Was I doing too much? Is that possible? Was I being annoying on the online community? Was I 'taking over' the diabetes community?  I was starting to second guess my place, but realized my place wasn't there before I was diagnosed. No one was in my role - yes there are plenty of diabetics out there, plenty of diabetic bloggers and an enormous amount of diabetics and parents of diabetics doing amazing things, but before I was diabetic there wasn't anyone doing what I am specifically am doing.  I created my place in the community much like the ideas of Diabetic Barbie came about or Connected in Motion.

You see, it just takes a wild jump into the unknown, a dream that you think is impossible, but you try anyways.  When I was diagnosed in March of 2009 I sat in the hospital bed writing letters to the people I cared about instead of looking at the medical information papers left on my side paper. I didn't care about the medical side of diabetes (although of course it is apart of my life and an important part at that...) but I cared about the support.

Sure, as diabetics we have to take medication, wear pumps or carry syringes.  We have to know the difference between basal and bolus. But, most of all we have to know we have someone to count on.  I realize that long before I was diagnosed diabetics have always had support in some way or another whether it was through their parents, a great school teacher, or a loving husband.  But, when I was diagnosed I became instantly curious along with attracted to the idea of bringing type 1 diabetics together from all around the world and just proving that working side by side is a lot easier than battling alone.

I have met some amazing people along the way that have taught me so much about life and have shown  me what is possible.  I believe that just like insulin - support can save a life.  I have heard horror stories and couldn't imagine myself in their shoes despite living with the same disease - and I like to think that it is hard for me to imagine myself in their shoes because I have so much love and support in my life.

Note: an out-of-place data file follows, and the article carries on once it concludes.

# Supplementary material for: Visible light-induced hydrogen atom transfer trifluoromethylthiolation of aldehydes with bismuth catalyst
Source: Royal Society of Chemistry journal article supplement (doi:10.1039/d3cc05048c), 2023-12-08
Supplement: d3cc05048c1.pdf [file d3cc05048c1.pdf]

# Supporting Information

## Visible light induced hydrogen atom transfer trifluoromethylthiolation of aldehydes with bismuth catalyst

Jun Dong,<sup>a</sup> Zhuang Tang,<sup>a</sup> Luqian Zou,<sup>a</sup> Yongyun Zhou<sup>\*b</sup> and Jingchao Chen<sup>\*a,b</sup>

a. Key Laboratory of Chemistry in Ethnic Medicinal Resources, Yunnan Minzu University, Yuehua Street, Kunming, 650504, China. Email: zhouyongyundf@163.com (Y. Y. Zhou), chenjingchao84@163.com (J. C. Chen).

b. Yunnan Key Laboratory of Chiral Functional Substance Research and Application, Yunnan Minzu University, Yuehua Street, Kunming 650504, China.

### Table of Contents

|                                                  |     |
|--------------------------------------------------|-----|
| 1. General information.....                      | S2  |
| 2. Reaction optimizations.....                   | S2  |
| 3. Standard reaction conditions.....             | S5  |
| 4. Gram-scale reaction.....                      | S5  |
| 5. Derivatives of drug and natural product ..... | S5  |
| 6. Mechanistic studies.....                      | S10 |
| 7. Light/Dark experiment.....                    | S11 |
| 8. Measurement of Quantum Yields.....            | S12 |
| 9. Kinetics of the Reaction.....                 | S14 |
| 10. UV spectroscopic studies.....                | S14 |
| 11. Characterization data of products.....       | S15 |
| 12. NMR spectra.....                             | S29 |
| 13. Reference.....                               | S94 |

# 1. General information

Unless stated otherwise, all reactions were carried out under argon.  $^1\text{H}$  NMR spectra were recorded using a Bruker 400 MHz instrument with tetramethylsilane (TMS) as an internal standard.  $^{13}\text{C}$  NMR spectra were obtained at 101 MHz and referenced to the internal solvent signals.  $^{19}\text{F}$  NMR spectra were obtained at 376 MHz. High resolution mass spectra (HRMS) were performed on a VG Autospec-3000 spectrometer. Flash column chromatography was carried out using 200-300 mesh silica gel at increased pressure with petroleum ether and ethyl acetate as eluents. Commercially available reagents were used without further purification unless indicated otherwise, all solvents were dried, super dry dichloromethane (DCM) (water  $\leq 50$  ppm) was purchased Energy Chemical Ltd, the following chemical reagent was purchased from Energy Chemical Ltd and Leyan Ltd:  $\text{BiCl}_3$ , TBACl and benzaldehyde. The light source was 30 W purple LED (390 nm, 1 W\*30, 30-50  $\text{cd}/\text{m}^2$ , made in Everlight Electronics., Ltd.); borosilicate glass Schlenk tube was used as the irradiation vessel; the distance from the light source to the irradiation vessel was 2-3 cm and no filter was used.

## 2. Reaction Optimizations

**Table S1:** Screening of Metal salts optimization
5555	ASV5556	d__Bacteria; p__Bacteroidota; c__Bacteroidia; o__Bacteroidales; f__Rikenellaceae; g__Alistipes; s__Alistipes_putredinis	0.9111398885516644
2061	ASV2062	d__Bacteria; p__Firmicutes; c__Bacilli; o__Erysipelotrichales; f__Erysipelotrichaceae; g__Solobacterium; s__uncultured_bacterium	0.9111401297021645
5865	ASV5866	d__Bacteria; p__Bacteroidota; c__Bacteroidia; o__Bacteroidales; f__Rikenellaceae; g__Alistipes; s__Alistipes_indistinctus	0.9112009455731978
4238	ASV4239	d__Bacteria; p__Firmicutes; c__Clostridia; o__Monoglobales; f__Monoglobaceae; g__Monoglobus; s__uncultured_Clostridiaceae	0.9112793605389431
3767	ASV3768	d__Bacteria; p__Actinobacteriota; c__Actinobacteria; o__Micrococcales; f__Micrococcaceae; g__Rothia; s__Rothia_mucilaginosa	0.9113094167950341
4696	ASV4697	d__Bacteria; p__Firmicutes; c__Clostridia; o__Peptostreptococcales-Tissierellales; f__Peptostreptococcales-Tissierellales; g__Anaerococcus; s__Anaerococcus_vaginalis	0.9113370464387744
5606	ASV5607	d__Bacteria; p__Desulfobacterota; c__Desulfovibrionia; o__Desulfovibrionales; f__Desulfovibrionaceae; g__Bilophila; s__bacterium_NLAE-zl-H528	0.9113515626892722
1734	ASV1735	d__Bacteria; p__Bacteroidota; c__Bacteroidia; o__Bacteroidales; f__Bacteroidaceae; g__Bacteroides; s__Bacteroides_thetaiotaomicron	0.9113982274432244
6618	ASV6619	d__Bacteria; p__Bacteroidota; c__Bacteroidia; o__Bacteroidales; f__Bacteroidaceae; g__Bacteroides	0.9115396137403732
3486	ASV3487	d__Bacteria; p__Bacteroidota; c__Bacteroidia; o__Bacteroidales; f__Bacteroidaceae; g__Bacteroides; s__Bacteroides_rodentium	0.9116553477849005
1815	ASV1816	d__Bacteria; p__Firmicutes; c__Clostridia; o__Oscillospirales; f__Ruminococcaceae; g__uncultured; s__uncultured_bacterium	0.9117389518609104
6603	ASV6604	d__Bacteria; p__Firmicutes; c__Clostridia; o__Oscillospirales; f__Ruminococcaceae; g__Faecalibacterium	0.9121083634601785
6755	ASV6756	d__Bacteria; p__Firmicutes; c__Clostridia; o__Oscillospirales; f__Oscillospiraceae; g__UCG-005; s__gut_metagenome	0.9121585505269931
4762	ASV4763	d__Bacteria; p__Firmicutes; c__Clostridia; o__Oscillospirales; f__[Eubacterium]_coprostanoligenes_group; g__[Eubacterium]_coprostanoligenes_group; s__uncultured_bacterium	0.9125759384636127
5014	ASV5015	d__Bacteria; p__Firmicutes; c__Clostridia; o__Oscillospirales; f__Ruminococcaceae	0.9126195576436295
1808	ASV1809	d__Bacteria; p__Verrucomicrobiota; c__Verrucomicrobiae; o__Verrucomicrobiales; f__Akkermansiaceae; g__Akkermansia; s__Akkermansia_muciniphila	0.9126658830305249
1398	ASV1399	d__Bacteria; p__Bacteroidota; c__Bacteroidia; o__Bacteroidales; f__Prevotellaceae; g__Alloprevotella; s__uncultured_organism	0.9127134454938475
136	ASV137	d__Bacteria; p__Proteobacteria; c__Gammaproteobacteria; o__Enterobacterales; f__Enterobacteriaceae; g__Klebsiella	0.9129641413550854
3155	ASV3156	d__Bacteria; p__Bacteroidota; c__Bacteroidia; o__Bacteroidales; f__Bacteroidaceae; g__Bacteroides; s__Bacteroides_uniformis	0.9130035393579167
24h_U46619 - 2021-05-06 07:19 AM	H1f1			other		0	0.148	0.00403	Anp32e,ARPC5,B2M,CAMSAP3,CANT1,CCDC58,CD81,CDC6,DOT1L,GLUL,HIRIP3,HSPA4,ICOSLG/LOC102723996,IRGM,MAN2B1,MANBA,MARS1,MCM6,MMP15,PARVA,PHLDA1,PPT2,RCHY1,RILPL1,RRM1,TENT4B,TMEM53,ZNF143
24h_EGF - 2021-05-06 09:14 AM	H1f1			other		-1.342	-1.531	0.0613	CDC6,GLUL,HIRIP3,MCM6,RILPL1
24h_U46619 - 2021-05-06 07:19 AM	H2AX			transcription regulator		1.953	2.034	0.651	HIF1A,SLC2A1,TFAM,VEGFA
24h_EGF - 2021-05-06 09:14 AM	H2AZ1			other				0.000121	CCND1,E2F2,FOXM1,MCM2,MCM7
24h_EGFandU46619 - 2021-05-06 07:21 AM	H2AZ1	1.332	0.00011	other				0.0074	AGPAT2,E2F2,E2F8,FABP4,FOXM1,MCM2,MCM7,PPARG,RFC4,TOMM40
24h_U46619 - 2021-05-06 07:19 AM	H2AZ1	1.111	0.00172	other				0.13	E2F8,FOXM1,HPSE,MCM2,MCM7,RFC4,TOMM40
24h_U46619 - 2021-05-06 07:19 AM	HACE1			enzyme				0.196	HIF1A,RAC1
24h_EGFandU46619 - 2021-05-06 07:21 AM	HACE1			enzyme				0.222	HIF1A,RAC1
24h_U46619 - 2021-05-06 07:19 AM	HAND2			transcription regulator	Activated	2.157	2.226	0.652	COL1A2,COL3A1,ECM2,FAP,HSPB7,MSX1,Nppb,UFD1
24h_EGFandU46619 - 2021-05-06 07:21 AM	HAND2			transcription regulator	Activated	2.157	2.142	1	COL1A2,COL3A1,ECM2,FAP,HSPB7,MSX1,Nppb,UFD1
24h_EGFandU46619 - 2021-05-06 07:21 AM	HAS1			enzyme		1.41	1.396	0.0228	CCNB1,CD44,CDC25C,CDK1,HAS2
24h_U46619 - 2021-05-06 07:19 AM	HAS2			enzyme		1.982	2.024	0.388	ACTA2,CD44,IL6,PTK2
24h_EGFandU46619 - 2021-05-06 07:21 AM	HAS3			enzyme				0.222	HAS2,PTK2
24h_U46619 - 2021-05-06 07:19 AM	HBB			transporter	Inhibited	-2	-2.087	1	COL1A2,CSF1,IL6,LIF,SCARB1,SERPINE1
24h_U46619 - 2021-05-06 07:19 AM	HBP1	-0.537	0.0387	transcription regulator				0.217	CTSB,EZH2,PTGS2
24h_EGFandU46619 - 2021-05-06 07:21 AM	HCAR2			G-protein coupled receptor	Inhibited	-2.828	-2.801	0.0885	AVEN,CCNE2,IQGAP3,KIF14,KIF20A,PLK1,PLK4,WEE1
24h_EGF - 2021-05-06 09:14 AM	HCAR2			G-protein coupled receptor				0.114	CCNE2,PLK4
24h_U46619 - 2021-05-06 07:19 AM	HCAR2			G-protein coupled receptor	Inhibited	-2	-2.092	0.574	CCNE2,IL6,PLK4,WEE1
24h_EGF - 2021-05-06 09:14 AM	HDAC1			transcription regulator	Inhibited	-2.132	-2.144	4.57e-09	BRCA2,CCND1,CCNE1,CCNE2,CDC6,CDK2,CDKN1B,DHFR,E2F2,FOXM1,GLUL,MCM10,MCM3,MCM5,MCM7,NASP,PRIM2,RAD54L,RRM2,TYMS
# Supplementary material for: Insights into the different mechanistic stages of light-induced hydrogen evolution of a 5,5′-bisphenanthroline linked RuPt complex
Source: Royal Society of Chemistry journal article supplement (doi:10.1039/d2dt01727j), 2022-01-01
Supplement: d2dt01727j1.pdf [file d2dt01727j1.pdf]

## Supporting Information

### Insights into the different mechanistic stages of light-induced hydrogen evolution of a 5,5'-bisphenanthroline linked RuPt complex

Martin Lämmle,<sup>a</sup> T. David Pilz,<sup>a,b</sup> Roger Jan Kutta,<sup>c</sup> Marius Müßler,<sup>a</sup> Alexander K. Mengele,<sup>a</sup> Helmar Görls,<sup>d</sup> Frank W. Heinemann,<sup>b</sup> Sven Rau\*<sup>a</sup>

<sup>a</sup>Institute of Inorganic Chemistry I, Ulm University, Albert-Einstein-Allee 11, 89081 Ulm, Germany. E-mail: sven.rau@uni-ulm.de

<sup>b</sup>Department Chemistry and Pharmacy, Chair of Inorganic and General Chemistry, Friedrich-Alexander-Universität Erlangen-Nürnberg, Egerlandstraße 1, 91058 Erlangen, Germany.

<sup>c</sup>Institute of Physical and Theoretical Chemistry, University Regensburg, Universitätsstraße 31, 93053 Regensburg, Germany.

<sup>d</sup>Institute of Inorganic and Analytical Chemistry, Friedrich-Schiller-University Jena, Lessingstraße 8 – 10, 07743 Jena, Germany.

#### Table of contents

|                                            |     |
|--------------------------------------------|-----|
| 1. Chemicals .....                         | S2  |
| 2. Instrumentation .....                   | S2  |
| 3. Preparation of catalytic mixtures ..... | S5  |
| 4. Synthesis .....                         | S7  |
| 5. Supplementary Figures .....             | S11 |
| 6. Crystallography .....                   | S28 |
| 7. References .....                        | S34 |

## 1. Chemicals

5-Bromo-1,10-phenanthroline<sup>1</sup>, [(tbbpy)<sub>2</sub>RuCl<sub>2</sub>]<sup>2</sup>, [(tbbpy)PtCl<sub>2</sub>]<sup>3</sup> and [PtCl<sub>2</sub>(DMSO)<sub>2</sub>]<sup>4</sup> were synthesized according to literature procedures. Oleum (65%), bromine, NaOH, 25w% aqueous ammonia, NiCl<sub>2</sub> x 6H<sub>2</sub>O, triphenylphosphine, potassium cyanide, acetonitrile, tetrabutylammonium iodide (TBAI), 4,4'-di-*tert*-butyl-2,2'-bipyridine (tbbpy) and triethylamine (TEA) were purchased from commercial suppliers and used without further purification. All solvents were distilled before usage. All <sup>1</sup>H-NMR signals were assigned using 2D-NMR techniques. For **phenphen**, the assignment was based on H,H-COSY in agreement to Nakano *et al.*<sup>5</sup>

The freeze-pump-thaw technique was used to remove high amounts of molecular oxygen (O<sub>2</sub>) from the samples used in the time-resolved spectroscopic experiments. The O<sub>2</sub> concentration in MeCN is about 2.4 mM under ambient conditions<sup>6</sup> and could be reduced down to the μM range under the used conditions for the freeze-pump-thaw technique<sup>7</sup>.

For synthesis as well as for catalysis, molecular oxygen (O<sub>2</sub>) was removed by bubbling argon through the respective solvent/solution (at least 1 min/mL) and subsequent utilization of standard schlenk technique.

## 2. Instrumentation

Every time we reach out to someone - even just one person - we can really make a difference.  Now that the Type 1 Meme Page has reached 5000 likes, I know that both Meredith and I have made at least 5000 people smile - imagine that feeling - knowing you've made at least 5000 people smile over something that once was fatal.   You can see smiles being made all over the diabetes community, back to diabetic barbie, Amy who is making pumps for build-a-bears and barbie dolls.

If I'm too passionate so be it.  I believe I was given type 1 diabetes for a reason and not the scientific reasons - but because I was made to make a place for myself in the community.  I was made to make people living with diabetes of all ages and their supports smile, to provide inspiration for diabetics heading to college or going on their first date.  I was made to be the shoulder that many can lean on.


Sunday, August 12, 2012


I have taken a little vacation from the blog for a solid week and it's time to get back at it.  Sometimes people ask me how I am able to write about diabetes every single day - well most of the time I explain that being a creative writer and living with the disease 24/7 is what usually gives me something to write about.

I try to acknowledge those moments in the life of a diabetic that most of us are just so used to that we don't think twice about it.  Life with diabetes is constant and most of the things we do as diabetics on a regular basis are repetitive and so ordinary to us that we don't bother to wonder why we do that or why certain things happen.

My life with diabetes has been interesting. I have made my entire life a tale of diabetes.  Working with a diabetes association, writing about diabetes, speaking about diabetes and most of all living with diabetes.  That word alone  seems to have become so familiar with me like my last name or something.

There are times however, I wish to remove that 'D' last name and just be myself. The person I was pre diabetes.  But, a quick reminder of how I was a person lacking motivation, lacking strong friendships and hadn't quite allowed myself to test my limits. I realize that having diabetes in my life has made me the person I am today.